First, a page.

[0079] In block 970 which follows block 925, UAV 14 may determine whether it has executed blocks 910-925 for each of the waypoints in a predetermined or preprogrammed series of waypoints 48 associated with parking region 20 (e.g., has it scanned and received image data at all the waypoints 48?). If it has not, process 900 may loop back and repeat blocks 910-925 (e.g., for each waypoint 48). If all the waypoints 48 in parking region 20 have been scanned, then process 900 may proceed to block 975.

[0080] In block 975, UAV 14 provides the image data to computer 12. As discussed above, this may occur by wired transmission (e.g., via the docking station) or via wireless transmission (e.g., using transceiver 74). Further, it may occur as streaming data, as a collection of piecemeal transmissions, or as a single download or delivery. Regardless of the manner of delivery, following block 975, the process proceeds to block 980.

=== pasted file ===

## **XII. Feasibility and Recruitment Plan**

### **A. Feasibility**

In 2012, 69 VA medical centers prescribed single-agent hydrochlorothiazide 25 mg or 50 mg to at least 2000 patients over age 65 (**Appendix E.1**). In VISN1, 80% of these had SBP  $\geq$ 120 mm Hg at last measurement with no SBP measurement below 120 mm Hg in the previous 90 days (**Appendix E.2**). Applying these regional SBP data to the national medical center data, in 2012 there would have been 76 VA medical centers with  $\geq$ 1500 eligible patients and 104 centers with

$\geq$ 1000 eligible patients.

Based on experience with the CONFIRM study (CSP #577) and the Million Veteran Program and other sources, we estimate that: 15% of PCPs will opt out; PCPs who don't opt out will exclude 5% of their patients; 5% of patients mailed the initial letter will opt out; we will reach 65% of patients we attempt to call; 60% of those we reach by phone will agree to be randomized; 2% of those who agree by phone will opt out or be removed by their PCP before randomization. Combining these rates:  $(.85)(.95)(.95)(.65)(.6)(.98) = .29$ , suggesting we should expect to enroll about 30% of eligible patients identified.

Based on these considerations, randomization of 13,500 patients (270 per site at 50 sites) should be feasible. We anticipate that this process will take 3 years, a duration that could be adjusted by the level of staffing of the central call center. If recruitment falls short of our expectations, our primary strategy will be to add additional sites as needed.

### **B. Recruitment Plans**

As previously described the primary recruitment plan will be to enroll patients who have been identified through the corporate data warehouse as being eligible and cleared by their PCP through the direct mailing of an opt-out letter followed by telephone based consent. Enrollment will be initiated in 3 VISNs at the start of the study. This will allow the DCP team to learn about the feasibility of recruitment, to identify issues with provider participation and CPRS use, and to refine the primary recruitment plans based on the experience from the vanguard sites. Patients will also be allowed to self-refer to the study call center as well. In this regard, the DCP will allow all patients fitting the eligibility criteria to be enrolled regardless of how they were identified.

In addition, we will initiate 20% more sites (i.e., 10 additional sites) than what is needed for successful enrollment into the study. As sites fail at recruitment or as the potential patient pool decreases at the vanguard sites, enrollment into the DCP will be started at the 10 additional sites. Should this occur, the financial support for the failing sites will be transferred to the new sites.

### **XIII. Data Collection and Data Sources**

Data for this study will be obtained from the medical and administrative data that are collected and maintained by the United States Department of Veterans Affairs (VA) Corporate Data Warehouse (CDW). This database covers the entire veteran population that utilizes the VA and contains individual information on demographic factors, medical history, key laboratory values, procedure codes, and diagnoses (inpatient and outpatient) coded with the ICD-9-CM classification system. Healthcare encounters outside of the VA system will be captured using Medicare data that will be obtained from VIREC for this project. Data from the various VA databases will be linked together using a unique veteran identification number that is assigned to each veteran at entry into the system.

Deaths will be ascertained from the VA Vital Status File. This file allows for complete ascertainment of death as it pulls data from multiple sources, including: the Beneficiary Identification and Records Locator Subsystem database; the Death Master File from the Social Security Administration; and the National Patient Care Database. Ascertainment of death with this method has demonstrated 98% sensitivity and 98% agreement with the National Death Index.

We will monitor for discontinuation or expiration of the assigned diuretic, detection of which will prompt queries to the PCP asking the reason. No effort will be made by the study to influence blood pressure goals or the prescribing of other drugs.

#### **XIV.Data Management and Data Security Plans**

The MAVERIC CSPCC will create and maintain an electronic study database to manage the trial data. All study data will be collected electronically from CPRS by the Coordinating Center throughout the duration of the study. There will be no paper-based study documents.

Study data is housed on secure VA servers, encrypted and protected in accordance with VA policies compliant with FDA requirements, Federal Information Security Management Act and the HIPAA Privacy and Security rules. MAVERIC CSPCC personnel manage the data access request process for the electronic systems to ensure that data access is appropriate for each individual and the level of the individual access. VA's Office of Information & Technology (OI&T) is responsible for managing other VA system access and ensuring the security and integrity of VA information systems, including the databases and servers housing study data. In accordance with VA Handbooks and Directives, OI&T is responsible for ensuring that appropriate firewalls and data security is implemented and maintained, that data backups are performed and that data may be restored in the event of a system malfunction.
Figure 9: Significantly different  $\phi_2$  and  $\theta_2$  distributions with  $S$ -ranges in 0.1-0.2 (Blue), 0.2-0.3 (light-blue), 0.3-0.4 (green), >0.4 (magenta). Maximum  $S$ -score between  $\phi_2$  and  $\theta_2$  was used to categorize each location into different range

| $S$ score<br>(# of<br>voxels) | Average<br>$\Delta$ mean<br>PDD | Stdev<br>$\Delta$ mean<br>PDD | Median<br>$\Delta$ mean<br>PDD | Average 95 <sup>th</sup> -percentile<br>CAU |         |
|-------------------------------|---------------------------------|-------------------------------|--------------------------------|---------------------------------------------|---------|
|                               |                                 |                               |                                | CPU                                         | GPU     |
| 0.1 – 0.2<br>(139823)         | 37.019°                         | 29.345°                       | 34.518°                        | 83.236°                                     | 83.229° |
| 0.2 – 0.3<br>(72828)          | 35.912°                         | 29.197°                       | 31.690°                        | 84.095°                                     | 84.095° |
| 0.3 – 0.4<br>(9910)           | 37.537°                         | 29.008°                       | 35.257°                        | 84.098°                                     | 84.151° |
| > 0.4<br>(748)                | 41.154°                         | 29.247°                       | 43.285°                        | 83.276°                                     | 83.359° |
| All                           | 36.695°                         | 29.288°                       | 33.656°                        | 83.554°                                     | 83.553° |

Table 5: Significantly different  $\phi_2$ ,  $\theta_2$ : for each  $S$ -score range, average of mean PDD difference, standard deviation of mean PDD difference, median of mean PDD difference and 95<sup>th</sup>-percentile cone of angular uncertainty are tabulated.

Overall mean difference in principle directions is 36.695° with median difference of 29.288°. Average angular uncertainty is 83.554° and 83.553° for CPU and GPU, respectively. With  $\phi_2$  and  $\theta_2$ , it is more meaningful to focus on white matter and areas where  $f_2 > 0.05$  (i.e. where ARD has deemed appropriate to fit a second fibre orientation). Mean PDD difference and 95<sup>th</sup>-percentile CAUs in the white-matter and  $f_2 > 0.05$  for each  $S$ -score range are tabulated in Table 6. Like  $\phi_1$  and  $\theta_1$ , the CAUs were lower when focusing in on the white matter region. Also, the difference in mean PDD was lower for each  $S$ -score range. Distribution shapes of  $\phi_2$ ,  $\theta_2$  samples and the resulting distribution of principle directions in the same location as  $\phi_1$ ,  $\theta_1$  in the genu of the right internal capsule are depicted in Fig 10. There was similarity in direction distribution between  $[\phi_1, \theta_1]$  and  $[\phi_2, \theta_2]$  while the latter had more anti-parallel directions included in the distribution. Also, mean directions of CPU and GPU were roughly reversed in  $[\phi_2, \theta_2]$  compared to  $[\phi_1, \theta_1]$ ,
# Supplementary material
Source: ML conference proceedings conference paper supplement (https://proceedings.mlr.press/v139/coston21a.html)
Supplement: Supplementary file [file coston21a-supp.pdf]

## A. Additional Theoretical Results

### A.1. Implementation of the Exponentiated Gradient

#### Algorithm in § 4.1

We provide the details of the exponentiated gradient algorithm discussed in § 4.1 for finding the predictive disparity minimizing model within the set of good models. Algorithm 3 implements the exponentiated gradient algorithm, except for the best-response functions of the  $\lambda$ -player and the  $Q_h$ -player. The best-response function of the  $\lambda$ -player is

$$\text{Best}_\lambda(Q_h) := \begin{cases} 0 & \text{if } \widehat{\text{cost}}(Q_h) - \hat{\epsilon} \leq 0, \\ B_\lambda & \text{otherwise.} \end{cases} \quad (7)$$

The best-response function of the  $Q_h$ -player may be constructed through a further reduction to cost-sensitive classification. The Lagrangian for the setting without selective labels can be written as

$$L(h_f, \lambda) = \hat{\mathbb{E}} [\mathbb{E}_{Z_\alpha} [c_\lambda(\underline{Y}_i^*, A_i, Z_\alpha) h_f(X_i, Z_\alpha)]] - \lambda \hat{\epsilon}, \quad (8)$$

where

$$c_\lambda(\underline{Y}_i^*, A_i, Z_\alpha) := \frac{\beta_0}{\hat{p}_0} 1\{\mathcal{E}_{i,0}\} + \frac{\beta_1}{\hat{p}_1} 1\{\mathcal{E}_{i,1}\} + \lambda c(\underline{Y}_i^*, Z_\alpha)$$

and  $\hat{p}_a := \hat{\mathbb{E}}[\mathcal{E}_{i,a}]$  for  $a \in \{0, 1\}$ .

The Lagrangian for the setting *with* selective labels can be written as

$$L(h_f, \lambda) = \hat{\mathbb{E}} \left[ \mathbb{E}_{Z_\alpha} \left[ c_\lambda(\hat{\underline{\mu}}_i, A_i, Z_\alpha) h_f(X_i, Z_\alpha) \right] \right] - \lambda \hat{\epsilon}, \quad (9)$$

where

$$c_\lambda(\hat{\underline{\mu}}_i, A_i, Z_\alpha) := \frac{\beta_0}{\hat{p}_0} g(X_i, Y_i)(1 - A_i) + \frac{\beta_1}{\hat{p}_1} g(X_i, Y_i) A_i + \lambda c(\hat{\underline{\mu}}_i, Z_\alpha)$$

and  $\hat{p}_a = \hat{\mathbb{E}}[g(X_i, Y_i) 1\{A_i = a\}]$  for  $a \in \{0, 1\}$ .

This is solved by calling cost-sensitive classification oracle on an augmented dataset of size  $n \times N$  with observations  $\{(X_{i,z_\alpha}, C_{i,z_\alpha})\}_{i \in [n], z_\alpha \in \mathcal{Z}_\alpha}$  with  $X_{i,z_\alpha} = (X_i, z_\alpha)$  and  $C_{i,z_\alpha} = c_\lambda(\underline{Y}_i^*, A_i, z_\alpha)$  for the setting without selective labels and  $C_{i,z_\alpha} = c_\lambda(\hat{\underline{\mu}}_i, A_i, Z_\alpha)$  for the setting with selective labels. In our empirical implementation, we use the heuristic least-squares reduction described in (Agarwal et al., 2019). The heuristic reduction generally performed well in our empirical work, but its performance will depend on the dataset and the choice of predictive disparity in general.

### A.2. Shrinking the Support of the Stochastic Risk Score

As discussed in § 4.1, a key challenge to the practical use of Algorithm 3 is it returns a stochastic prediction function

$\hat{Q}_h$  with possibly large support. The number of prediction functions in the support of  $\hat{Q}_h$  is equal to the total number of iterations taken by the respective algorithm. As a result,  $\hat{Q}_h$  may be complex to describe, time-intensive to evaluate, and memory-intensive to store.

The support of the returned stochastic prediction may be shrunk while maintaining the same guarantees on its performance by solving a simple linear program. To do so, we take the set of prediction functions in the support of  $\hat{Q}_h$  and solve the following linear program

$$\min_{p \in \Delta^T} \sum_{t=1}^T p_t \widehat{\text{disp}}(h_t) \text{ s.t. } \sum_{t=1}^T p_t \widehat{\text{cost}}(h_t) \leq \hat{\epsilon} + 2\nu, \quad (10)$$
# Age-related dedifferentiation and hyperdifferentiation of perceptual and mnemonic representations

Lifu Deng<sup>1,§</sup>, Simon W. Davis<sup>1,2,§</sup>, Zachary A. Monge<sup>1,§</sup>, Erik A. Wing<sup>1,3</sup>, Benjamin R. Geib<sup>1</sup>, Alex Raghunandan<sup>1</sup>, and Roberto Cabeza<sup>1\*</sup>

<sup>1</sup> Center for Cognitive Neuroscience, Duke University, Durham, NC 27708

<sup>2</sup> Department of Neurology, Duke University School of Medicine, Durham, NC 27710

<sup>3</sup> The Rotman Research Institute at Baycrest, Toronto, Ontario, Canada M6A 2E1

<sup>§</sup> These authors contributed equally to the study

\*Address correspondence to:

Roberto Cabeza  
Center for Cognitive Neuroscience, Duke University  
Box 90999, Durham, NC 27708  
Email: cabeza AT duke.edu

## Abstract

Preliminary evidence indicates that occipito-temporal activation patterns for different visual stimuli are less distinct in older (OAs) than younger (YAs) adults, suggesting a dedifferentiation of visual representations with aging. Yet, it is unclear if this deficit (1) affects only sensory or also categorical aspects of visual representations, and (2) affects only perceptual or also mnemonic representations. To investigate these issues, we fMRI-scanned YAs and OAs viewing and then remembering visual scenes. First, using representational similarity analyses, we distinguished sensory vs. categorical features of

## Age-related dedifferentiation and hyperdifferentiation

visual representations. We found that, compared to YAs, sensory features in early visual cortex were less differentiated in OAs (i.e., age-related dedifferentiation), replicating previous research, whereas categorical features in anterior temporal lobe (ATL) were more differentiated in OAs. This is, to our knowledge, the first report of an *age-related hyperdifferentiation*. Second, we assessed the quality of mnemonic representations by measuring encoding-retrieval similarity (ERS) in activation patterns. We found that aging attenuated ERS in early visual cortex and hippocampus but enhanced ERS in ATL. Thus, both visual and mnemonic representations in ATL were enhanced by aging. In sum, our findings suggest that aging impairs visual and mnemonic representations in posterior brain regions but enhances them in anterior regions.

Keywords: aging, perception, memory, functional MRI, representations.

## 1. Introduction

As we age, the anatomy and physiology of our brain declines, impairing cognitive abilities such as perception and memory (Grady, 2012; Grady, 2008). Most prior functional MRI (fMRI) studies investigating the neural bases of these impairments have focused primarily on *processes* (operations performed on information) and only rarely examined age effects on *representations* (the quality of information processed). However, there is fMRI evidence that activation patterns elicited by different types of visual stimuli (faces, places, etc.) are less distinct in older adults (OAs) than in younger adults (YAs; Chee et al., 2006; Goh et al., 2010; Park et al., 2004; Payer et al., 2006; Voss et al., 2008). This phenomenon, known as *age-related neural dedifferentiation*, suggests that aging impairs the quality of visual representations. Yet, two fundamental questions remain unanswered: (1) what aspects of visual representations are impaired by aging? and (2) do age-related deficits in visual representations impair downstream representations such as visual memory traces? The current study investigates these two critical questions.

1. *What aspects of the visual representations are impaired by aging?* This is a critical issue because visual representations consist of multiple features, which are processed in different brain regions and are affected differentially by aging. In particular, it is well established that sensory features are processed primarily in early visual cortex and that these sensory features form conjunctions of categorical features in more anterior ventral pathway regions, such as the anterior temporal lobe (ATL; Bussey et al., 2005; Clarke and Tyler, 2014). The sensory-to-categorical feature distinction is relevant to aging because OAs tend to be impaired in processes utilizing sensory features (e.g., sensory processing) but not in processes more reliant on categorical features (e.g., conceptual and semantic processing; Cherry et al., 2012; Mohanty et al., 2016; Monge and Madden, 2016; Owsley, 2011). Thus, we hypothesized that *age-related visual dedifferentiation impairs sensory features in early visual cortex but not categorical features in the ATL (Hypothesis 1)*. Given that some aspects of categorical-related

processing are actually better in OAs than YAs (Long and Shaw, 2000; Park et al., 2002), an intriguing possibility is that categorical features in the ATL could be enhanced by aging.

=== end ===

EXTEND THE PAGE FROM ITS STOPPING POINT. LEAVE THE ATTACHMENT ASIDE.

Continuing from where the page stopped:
[0081] Block 980 may be similar to block 730. In block 730, the image data of the parking region 20 was being parsed in a piecemeal fashion. Here, in at least one example, all the image data may be available to computer 12. Thus, in at least one example of block 980, computer 12 parses the image data to find any potential feedback responses from one or more vehicles 18 in the parking region 20. Continuing with the example set forth above, this may include parsing video data recorded by UAV sensor 22 to find instances of headlamp light emissions.